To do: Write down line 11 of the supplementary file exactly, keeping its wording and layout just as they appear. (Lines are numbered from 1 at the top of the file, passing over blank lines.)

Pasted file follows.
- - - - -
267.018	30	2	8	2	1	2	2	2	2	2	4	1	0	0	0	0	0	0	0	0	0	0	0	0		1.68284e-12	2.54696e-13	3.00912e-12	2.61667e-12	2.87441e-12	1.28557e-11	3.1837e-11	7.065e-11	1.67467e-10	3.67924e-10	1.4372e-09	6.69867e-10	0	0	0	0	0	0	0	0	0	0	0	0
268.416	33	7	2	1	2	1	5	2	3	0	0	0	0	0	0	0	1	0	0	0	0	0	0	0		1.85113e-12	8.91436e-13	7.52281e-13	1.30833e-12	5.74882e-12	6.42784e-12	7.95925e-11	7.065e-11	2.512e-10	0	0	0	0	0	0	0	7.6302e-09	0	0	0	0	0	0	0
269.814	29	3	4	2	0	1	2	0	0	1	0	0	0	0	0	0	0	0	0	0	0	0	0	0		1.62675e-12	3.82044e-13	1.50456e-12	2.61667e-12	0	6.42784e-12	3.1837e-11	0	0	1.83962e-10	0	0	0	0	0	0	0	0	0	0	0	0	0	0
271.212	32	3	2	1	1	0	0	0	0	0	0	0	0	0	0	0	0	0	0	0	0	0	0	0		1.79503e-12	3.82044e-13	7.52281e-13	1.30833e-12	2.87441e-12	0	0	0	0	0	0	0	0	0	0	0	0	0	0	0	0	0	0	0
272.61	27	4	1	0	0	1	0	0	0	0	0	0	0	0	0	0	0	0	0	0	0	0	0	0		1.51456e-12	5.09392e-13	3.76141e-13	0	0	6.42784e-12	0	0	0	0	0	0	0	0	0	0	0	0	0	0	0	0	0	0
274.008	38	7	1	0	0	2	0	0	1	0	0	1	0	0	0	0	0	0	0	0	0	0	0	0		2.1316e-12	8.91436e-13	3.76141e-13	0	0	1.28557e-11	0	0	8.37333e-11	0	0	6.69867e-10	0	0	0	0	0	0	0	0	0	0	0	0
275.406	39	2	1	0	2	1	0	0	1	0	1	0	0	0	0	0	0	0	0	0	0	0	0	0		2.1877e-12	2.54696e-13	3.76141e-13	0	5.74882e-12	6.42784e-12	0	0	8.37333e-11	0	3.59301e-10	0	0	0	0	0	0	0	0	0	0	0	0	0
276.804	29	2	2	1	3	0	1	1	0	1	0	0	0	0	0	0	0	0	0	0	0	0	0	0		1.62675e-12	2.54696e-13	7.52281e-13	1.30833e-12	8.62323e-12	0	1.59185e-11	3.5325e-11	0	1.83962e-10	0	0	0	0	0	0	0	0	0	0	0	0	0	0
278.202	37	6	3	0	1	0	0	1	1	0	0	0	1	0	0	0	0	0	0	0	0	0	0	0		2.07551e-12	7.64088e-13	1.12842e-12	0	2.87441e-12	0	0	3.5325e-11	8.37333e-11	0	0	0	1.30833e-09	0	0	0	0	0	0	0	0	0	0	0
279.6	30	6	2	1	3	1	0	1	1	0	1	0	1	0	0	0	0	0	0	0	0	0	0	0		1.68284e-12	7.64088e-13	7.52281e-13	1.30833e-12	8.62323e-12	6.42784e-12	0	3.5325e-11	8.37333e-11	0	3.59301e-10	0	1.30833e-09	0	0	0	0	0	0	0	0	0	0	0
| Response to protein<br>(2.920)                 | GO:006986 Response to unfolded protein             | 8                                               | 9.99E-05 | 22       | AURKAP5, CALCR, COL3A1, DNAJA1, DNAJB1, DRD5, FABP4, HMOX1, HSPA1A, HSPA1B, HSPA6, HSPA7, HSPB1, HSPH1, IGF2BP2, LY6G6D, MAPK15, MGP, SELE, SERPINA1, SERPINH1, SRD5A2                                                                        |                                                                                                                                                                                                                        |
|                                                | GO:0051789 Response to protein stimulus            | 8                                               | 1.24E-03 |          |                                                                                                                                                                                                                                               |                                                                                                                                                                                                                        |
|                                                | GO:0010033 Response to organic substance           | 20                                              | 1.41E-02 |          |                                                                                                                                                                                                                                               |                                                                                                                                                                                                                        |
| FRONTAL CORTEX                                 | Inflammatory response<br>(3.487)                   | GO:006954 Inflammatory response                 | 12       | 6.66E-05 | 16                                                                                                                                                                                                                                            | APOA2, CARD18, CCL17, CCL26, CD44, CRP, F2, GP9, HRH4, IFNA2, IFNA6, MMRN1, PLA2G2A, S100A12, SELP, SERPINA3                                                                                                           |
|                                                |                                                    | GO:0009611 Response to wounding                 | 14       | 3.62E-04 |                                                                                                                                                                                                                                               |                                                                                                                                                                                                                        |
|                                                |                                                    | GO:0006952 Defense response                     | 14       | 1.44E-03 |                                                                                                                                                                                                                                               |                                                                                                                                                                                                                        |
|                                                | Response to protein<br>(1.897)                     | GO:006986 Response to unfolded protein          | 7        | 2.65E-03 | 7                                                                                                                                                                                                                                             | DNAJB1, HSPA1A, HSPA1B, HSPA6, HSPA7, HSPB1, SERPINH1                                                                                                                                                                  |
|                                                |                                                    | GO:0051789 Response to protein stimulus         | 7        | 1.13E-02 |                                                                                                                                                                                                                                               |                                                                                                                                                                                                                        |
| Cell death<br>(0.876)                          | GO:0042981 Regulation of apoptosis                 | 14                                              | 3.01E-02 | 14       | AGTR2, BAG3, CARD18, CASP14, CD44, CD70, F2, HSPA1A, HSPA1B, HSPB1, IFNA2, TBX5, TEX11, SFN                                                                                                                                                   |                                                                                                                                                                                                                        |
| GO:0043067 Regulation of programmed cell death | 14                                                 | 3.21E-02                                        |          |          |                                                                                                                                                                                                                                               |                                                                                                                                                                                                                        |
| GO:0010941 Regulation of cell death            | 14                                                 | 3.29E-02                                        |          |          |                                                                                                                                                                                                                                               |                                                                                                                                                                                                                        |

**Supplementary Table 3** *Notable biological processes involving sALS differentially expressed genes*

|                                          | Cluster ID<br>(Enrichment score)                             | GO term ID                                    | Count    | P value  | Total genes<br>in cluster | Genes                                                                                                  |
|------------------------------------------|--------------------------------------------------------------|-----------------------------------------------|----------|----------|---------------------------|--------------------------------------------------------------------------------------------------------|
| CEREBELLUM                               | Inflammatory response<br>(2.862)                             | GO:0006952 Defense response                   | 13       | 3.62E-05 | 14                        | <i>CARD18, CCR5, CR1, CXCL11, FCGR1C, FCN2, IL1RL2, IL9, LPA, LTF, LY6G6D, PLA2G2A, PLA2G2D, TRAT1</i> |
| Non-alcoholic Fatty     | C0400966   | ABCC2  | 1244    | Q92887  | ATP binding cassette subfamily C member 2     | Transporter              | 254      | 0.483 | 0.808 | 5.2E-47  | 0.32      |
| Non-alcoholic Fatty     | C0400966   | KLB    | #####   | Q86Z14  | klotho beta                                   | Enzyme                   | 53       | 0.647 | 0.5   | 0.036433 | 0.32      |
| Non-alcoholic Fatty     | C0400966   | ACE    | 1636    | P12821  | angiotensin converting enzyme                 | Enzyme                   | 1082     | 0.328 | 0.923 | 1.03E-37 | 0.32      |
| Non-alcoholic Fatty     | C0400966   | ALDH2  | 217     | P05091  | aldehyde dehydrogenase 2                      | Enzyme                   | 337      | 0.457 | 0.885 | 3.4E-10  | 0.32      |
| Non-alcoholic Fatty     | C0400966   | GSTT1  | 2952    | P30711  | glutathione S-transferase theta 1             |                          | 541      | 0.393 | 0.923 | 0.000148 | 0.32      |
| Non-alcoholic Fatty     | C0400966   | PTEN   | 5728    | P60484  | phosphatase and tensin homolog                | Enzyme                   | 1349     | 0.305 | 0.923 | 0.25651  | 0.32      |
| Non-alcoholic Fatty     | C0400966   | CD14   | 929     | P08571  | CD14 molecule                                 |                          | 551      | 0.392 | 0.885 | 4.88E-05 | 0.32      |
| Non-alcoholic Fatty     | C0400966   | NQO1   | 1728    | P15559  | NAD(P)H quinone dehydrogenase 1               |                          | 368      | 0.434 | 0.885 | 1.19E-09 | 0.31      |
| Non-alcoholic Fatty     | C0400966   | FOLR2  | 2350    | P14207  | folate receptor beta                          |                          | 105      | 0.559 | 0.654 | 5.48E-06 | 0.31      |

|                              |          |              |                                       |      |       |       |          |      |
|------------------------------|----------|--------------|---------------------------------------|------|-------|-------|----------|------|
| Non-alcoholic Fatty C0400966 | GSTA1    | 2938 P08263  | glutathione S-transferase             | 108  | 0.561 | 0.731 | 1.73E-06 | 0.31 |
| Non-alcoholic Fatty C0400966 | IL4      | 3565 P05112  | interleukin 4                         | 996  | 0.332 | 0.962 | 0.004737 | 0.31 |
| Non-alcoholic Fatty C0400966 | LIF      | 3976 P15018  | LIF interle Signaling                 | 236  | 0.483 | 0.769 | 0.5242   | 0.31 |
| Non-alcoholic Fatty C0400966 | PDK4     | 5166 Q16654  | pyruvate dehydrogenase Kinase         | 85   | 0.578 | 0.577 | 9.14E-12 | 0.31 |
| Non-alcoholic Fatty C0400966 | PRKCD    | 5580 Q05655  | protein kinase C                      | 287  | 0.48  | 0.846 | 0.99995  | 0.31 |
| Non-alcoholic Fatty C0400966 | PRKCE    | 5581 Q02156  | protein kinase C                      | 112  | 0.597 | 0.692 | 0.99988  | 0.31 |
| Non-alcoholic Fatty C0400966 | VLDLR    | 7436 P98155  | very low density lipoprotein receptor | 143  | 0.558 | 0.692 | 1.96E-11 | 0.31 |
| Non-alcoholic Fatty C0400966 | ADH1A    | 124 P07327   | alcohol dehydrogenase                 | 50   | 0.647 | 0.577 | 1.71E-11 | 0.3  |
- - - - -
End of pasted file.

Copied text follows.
| Response to protein<br>(2.920)                 | GO:006986 Response to unfolded protein             | 8                                               | 9.99E-05 | 22       | AURKAP5, CALCR, COL3A1, DNAJA1, DNAJB1, DRD5, FABP4, HMOX1, HSPA1A, HSPA1B, HSPA6, HSPA7, HSPB1, HSPH1, IGF2BP2, LY6G6D, MAPK15, MGP, SELE, SERPINA1, SERPINH1, SRD5A2                                                                        |                                                                                                                                                                                                                        |